3 Patient Documents You Should Keep on File

In the ER, I observe the making of many end of life decisions.  Often, the patient is unable to speak, think or make healthcare decisions for themselves so the providers do so for them.  Do we intubate this 95 year old patient to keep them alive artificially or not?  We don't know what they would have wanted.  Keeping certain patient documents in your EHR helps in making critical decisions for your patients.  Which documents should you keep on file?

1. Latest EKG

An EKG is like a map to the condition of a patient's heart.  Some people have perfectly normal EKG's while other patient's EKGs indicate signs of long term heart damage such as LVH or arrhythmia's like a fib.  Some EKG changes are easy to identify as benign or chronic while others are not.  When a patient presents to the ER with chest pain, if the provider knows which EKG changes are new versus old, it can significantly help in decision making regarding patient care.

Treating patients with old EKG's in the EHR system is much easier.  I am able to determine if a flipped T-wave is a significant new abnormality necessitating admission and possibly a cardiac cath or, if it is chronic and likely does not need urgent evaluation.  Treating patients for chest pain without old EKG's can be challenging.  Providers must assume that all abnormal changes are new resulting in hospital admissions and testing that may not be necessary.  If you are the primary care provider for a patient with an abnormal EKG, it is not a bad idea to give them a copy to keep in their wallet should they ever need emergent treatment for cardiac symptoms.

2. Power of Attorney

Making decisions regarding end of life care is a sticky situation.  It causes fights in families and uncertainty on the part of patients, providers and a patient's loved ones.  From my desk at work I have witnessed shouting matches and doors being ripped from their hinges as families attempt to decide exactly what medical treatment they should authorize for their loved one.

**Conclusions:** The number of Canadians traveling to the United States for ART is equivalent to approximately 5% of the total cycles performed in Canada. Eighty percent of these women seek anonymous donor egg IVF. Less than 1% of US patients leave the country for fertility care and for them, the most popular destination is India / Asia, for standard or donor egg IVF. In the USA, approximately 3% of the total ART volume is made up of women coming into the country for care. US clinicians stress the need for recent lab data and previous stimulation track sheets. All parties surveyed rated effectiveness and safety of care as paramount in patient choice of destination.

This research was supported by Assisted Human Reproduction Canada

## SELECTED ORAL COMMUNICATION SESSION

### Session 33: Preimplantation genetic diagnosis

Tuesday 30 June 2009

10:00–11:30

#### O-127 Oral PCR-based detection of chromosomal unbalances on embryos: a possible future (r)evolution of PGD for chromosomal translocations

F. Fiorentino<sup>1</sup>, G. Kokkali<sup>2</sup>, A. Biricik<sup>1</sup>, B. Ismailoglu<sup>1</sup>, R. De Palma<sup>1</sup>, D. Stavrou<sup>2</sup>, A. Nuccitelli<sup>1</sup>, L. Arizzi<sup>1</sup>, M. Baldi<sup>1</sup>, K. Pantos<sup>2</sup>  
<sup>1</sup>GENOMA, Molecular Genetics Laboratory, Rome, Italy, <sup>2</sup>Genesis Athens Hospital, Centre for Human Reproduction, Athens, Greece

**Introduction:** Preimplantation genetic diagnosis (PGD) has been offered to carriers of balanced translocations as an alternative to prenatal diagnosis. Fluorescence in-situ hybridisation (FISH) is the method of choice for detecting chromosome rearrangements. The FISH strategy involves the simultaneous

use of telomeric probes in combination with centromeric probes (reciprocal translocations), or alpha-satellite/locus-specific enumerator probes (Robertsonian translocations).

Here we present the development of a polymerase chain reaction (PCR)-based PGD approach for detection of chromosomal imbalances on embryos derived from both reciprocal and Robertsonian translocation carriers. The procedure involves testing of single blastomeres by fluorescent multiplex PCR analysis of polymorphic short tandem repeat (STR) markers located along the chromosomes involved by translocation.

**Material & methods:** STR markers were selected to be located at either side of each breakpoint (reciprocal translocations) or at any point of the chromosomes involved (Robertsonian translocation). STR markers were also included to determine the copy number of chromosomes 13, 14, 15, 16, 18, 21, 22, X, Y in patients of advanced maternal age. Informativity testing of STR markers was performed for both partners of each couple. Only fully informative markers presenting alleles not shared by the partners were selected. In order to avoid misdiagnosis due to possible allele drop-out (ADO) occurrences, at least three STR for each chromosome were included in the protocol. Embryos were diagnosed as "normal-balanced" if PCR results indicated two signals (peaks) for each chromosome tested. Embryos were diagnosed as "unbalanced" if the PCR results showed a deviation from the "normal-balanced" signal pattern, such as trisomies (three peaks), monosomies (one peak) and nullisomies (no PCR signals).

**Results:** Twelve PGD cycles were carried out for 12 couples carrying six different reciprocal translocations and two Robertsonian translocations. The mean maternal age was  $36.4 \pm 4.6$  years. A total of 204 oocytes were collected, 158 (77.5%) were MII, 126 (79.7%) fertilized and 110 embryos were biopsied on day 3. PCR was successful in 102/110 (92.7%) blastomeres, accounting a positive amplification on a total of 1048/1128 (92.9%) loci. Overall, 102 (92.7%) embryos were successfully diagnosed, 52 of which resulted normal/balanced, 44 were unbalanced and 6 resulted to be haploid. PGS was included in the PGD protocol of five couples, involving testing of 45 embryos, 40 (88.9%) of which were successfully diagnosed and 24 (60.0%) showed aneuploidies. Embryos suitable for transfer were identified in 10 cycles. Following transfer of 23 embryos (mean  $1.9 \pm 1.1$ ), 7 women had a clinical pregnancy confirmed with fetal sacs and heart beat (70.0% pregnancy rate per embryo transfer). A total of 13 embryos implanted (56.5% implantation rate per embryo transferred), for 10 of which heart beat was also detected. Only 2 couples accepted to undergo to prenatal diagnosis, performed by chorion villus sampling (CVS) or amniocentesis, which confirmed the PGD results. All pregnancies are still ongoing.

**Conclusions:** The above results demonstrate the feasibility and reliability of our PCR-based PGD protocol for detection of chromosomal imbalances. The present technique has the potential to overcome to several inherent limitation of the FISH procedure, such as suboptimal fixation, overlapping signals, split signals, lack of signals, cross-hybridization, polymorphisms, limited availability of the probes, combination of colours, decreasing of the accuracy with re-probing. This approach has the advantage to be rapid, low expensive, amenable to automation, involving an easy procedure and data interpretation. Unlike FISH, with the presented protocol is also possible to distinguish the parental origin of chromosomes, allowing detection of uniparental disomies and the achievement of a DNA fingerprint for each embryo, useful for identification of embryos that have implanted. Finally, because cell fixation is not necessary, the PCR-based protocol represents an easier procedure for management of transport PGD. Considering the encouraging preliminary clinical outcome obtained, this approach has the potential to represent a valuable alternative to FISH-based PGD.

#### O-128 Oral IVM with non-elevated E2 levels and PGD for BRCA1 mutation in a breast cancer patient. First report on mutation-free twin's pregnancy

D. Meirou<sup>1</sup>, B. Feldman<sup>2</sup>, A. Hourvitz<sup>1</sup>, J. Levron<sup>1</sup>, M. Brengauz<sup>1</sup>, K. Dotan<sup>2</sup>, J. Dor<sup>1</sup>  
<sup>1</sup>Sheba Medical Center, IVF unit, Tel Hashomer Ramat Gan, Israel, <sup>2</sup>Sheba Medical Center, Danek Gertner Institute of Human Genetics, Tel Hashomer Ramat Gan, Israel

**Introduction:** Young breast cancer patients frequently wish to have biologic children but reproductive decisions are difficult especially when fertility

If patients select a power of attorney, their families can often avoid the conflict associated with making medical decisions.  In a power of attorney document, a patient elects an individual to make decisions regarding their medical care should they be unable to do so themselves.  Primary healthcare providers should have conversations with patients encouraging them to select a power of attorney for their medical care long before it is necessary.  A copy of this document should be kept on file at the PCP's office for reference.  This will give medical providers a clear understanding as to who has the legal power to make medical decisions for the patient and preventing conflict within families.

3. Advanced Directive

Also referred to as a living will, this document specifies what treatment measures a patient would like should illness or incapacity render them unable to decide for themselves.  Studies indicate that 75 to 90 percent of individuals would like to refuse aggressive medical treatment rather than have their lives medically prolonged or live with a poor prognosis.  As healthcare providers we can easily observe that patients are not being treated with these most common end of life wishes in mind.  By creating an advanced directive, patients are able to outline exactly what treatment measures they want taken to keep them alive.

Primary care providers must encourage patients to create an advanced directive.  Patients should be encouraged to share their wishes with family members so their loved ones are more likely to accept these wishes in the event of end of life care.  Primary care providers should also keep a copy these documents on file for reference. 

Even with these documents, managing families of critically ill patients and making medical decisions based on a patient's wishes can be difficult.  But, these three documents can be very helpful in providing a starting point in patient care and guiding your decision making.  Keeping them handy for all your patients will help both you and other healthcare providers in making difficult medical decisions.

Comments

It is idealistic to think that in an emergency even if you do have these documents on file, they will be available to the provider who is actually treating you. Maybe in the future, but not with our current disjointed computer systems.

I do think it is a good idea to discuss power of atty. and end of life care with patients and encourage them to share their decisions with their families.

Susan

I agree it would be ideal to have these documents on file for all patients but I find there are 2 major barriers:

1. The EHR system used at my workplace doesn't have a feature that would allow me to store these type of documents
2. Even if I could keep them for patients at my clinic, there is no way for providers at other locations to see them

Chris